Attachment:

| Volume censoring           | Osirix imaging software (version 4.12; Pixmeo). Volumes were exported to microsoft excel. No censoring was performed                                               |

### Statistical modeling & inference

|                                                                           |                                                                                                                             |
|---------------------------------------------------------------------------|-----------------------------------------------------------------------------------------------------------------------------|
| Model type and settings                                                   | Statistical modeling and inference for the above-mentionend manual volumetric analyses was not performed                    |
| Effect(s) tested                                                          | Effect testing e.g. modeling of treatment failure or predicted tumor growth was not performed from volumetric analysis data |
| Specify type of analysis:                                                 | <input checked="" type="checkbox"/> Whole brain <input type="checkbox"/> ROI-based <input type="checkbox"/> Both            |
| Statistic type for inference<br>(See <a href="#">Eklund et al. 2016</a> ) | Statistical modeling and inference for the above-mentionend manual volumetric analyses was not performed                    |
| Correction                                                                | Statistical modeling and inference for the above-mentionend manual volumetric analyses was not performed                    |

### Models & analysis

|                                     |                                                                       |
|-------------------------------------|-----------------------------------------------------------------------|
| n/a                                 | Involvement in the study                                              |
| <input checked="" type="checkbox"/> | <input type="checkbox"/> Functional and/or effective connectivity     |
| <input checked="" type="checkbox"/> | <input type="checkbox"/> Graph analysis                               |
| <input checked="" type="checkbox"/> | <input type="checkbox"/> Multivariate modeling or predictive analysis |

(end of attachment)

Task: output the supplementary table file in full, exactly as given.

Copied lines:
| Volume censoring           | Osirix imaging software (version 4.12; Pixmeo). Volumes were exported to microsoft excel. No censoring was performed                                               |

### Statistical modeling & inference

|                                                                           |                                                                                                                             |
|---------------------------------------------------------------------------|-----------------------------------------------------------------------------------------------------------------------------|
| Model type and settings                                                   | Statistical modeling and inference for the above-mentionend manual volumetric analyses was not performed                    |
| Effect(s) tested                                                          | Effect testing e.g. modeling of treatment failure or predicted tumor growth was not performed from volumetric analysis data |
| Specify type of analysis:                                                 | <input checked="" type="checkbox"/> Whole brain <input type="checkbox"/> ROI-based <input type="checkbox"/> Both            |
| Statistic type for inference<br>(See <a href="#">Eklund et al. 2016</a> ) | Statistical modeling and inference for the above-mentionend manual volumetric analyses was not performed                    |
| Correction                                                                | Statistical modeling and inference for the above-mentionend manual volumetric analyses was not performed                    |

### Models & analysis

|                                     |                                                                       |
|-------------------------------------|-----------------------------------------------------------------------|
| n/a                                 | Involvement in the study                                              |
| <input checked="" type="checkbox"/> | <input type="checkbox"/> Functional and/or effective connectivity     |
| <input checked="" type="checkbox"/> | <input type="checkbox"/> Graph analysis                               |
| <input checked="" type="checkbox"/> | <input type="checkbox"/> Multivariate modeling or predictive analysis |